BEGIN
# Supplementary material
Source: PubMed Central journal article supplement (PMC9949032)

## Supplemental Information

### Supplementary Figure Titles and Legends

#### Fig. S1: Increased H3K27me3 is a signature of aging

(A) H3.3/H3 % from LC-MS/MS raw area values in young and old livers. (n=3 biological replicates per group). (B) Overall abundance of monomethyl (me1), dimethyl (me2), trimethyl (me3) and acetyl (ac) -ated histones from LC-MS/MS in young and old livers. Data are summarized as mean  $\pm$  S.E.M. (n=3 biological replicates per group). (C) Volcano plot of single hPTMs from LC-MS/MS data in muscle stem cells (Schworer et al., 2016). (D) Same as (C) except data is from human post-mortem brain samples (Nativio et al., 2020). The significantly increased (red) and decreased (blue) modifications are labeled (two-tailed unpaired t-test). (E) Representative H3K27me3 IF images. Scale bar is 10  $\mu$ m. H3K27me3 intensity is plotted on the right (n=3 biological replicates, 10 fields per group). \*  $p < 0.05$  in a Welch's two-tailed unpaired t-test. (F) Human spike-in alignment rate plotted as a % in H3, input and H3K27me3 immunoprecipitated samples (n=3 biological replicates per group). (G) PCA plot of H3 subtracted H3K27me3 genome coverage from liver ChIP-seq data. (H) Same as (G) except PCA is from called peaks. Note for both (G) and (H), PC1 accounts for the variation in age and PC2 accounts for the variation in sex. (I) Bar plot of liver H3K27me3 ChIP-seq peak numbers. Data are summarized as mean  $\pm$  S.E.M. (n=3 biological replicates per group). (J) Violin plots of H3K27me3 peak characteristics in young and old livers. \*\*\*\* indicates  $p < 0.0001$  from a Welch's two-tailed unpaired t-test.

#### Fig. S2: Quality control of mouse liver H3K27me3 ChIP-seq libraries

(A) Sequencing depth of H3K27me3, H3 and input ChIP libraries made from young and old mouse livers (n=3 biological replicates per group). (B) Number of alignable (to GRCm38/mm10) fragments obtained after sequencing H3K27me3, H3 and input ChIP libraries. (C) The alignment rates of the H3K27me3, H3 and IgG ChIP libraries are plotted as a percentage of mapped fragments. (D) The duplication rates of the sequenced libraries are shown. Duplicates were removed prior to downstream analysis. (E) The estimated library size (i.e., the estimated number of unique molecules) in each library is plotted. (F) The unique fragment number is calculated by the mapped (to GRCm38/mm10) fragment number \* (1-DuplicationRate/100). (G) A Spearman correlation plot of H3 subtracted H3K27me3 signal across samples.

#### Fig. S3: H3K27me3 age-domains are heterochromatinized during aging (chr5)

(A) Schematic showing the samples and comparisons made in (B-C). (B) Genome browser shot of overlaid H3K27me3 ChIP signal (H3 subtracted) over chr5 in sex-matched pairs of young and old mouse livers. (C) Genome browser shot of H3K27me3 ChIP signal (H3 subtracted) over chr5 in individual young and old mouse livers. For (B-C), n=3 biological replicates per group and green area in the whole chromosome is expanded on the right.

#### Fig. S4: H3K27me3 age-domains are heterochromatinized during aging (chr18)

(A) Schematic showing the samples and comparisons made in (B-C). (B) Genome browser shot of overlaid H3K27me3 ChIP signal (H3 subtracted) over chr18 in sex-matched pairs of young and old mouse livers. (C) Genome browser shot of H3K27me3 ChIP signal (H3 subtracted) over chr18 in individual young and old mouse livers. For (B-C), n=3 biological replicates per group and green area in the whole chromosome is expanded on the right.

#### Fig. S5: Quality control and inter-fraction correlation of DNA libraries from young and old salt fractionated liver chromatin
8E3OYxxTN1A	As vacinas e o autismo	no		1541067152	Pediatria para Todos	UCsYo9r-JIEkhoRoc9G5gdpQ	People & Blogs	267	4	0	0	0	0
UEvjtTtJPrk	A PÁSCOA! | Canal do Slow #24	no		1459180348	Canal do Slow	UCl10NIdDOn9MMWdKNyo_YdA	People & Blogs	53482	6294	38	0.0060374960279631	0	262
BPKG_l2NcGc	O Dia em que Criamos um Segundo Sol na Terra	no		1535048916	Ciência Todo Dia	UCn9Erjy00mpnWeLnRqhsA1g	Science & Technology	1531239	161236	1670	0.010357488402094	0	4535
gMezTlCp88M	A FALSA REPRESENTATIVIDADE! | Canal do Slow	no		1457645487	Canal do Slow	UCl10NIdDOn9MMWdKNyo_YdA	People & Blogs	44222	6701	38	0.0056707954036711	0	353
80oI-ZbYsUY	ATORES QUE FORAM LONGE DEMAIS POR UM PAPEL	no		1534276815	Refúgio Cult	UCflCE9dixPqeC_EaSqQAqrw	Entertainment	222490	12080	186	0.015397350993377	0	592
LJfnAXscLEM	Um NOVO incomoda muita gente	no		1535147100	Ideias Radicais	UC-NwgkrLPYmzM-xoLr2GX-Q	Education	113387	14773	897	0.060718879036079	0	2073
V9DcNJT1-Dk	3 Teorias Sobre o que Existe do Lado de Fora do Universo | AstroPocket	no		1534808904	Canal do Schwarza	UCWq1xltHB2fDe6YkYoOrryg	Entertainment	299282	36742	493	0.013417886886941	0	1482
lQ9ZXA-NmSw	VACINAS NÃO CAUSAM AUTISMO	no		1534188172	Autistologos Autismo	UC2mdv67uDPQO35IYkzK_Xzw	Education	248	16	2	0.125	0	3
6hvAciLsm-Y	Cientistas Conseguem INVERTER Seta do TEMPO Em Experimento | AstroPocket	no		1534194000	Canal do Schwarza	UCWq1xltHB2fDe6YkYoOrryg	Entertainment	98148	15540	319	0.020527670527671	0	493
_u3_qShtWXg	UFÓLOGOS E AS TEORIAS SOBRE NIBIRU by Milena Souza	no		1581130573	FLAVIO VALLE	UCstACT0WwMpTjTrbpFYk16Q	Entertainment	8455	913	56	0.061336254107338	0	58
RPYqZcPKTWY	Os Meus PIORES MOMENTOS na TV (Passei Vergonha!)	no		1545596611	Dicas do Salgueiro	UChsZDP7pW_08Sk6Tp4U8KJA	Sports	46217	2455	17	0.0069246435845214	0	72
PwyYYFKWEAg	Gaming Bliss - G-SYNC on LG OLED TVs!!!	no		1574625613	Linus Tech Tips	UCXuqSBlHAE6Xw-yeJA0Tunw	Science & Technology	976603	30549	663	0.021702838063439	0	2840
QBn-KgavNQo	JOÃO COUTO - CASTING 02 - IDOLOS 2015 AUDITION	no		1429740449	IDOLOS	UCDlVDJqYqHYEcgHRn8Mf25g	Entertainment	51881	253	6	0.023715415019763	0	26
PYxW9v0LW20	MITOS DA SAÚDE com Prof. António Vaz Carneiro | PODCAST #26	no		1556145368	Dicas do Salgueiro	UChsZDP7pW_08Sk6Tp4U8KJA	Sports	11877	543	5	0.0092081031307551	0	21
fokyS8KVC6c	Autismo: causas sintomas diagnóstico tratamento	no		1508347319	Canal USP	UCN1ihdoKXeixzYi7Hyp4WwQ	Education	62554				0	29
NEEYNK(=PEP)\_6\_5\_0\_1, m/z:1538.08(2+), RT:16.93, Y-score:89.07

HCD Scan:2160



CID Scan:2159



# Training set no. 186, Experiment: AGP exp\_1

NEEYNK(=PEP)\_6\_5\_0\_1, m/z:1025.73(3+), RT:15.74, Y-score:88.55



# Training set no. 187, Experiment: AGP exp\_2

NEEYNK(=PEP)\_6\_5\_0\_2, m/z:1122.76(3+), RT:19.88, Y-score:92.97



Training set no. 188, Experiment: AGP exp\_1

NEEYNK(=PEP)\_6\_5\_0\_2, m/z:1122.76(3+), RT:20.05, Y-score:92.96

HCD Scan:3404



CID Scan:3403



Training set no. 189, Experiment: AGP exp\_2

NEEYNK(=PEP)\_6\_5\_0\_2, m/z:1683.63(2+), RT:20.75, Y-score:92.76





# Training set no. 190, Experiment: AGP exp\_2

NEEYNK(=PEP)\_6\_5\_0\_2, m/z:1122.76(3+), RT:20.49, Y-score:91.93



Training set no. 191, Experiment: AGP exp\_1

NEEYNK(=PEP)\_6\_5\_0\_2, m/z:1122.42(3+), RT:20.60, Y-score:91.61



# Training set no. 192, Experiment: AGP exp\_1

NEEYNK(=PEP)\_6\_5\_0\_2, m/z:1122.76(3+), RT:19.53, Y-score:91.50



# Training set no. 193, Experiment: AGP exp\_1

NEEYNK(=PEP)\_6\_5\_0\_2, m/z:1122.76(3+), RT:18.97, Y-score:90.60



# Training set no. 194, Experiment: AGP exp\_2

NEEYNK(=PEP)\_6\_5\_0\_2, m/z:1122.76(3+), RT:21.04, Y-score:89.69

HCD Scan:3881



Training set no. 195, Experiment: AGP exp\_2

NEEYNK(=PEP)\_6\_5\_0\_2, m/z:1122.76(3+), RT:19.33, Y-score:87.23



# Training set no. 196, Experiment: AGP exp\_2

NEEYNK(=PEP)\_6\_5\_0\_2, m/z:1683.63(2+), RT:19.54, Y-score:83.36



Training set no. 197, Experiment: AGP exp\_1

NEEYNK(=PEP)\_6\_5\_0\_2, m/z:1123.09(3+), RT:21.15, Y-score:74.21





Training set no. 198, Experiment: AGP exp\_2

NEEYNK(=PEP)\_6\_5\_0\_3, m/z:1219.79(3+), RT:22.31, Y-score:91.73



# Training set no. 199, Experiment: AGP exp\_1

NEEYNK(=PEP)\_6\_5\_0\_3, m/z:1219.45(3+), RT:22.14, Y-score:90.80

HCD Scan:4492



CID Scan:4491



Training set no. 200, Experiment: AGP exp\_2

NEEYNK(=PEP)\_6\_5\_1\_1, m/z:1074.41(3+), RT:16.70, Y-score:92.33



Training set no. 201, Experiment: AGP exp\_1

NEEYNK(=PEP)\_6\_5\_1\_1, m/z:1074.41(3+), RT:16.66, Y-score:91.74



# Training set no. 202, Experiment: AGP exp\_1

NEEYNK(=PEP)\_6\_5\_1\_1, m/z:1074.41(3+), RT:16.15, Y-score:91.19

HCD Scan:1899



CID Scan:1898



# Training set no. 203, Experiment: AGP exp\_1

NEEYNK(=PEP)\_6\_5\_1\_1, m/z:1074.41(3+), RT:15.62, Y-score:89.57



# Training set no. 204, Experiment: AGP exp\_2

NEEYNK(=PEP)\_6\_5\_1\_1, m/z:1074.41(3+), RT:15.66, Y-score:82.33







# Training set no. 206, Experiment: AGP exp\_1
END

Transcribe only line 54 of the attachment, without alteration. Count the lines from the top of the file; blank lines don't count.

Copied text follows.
NEEYNK(=PEP)\_6\_5\_0\_2, m/z:1122.76(3+), RT:19.33, Y-score:87.23